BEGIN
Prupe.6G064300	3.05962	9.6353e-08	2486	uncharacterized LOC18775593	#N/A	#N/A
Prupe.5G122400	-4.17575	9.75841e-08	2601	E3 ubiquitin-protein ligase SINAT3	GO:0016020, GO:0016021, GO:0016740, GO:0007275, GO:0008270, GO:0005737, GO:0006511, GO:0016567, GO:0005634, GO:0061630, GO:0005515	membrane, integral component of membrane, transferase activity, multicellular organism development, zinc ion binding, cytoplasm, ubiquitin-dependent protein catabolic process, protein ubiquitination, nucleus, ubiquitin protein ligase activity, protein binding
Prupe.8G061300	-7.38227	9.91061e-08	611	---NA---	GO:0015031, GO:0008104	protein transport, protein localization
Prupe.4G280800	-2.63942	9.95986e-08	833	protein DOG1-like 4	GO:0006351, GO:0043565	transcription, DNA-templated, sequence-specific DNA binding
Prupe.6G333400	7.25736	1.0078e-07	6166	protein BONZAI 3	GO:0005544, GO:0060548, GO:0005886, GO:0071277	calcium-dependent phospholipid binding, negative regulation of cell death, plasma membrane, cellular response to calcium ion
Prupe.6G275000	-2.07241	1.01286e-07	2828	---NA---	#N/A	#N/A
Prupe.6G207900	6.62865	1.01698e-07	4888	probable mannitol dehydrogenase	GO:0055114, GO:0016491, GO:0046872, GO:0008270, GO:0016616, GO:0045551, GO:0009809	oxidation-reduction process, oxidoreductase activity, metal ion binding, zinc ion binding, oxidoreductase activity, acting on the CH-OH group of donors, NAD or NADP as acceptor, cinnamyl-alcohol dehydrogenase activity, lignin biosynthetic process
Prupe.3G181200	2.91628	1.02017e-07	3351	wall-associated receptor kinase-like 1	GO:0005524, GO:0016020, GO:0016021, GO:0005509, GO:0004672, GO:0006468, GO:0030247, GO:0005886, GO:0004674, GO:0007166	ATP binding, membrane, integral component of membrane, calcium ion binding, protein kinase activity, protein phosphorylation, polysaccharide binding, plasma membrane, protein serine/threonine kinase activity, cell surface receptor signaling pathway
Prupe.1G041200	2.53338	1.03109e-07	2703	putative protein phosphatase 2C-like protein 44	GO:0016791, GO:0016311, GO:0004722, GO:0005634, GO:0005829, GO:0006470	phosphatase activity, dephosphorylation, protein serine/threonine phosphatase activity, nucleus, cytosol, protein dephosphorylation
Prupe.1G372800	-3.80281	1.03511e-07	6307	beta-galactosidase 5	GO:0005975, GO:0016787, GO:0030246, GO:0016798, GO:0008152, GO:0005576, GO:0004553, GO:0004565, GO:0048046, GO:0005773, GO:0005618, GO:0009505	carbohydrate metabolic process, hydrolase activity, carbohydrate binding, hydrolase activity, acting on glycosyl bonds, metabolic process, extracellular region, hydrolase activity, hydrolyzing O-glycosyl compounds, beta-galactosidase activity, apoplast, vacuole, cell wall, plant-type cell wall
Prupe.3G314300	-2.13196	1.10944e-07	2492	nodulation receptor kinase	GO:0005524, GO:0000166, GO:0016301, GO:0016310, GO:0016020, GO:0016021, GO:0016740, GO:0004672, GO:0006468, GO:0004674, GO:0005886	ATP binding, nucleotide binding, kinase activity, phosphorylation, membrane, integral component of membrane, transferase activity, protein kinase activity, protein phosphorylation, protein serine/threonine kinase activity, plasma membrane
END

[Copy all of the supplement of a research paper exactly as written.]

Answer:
Prupe.6G064300	3.05962	9.6353e-08	2486	uncharacterized LOC18775593	#N/A	#N/A
Prupe.5G122400	-4.17575	9.75841e-08	2601	E3 ubiquitin-protein ligase SINAT3	GO:0016020, GO:0016021, GO:0016740, GO:0007275, GO:0008270, GO:0005737, GO:0006511, GO:0016567, GO:0005634, GO:0061630, GO:0005515	membrane, integral component of membrane, transferase activity, multicellular organism development, zinc ion binding, cytoplasm, ubiquitin-dependent protein catabolic process, protein ubiquitination, nucleus, ubiquitin protein ligase activity, protein binding
Prupe.8G061300	-7.38227	9.91061e-08	611	---NA---	GO:0015031, GO:0008104	protein transport, protein localization
Prupe.4G280800	-2.63942	9.95986e-08	833	protein DOG1-like 4	GO:0006351, GO:0043565	transcription, DNA-templated, sequence-specific DNA binding
Prupe.6G333400	7.25736	1.0078e-07	6166	protein BONZAI 3	GO:0005544, GO:0060548, GO:0005886, GO:0071277	calcium-dependent phospholipid binding, negative regulation of cell death, plasma membrane, cellular response to calcium ion
Prupe.6G275000	-2.07241	1.01286e-07	2828	---NA---	#N/A	#N/A
Prupe.6G207900	6.62865	1.01698e-07	4888	probable mannitol dehydrogenase	GO:0055114, GO:0016491, GO:0046872, GO:0008270, GO:0016616, GO:0045551, GO:0009809	oxidation-reduction process, oxidoreductase activity, metal ion binding, zinc ion binding, oxidoreductase activity, acting on the CH-OH group of donors, NAD or NADP as acceptor, cinnamyl-alcohol dehydrogenase activity, lignin biosynthetic process
Prupe.3G181200	2.91628	1.02017e-07	3351	wall-associated receptor kinase-like 1	GO:0005524, GO:0016020, GO:0016021, GO:0005509, GO:0004672, GO:0006468, GO:0030247, GO:0005886, GO:0004674, GO:0007166	ATP binding, membrane, integral component of membrane, calcium ion binding, protein kinase activity, protein phosphorylation, polysaccharide binding, plasma membrane, protein serine/threonine kinase activity, cell surface receptor signaling pathway
Prupe.1G041200	2.53338	1.03109e-07	2703	putative protein phosphatase 2C-like protein 44	GO:0016791, GO:0016311, GO:0004722, GO:0005634, GO:0005829, GO:0006470	phosphatase activity, dephosphorylation, protein serine/threonine phosphatase activity, nucleus, cytosol, protein dephosphorylation
Prupe.1G372800	-3.80281	1.03511e-07	6307	beta-galactosidase 5	GO:0005975, GO:0016787, GO:0030246, GO:0016798, GO:0008152, GO:0005576, GO:0004553, GO:0004565, GO:0048046, GO:0005773, GO:0005618, GO:0009505	carbohydrate metabolic process, hydrolase activity, carbohydrate binding, hydrolase activity, acting on glycosyl bonds, metabolic process, extracellular region, hydrolase activity, hydrolyzing O-glycosyl compounds, beta-galactosidase activity, apoplast, vacuole, cell wall, plant-type cell wall
Prupe.3G314300	-2.13196	1.10944e-07	2492	nodulation receptor kinase	GO:0005524, GO:0000166, GO:0016301, GO:0016310, GO:0016020, GO:0016021, GO:0016740, GO:0004672, GO:0006468, GO:0004674, GO:0005886	ATP binding, nucleotide binding, kinase activity, phosphorylation, membrane, integral component of membrane, transferase activity, protein kinase activity, protein phosphorylation, protein serine/threonine kinase activity, plasma membrane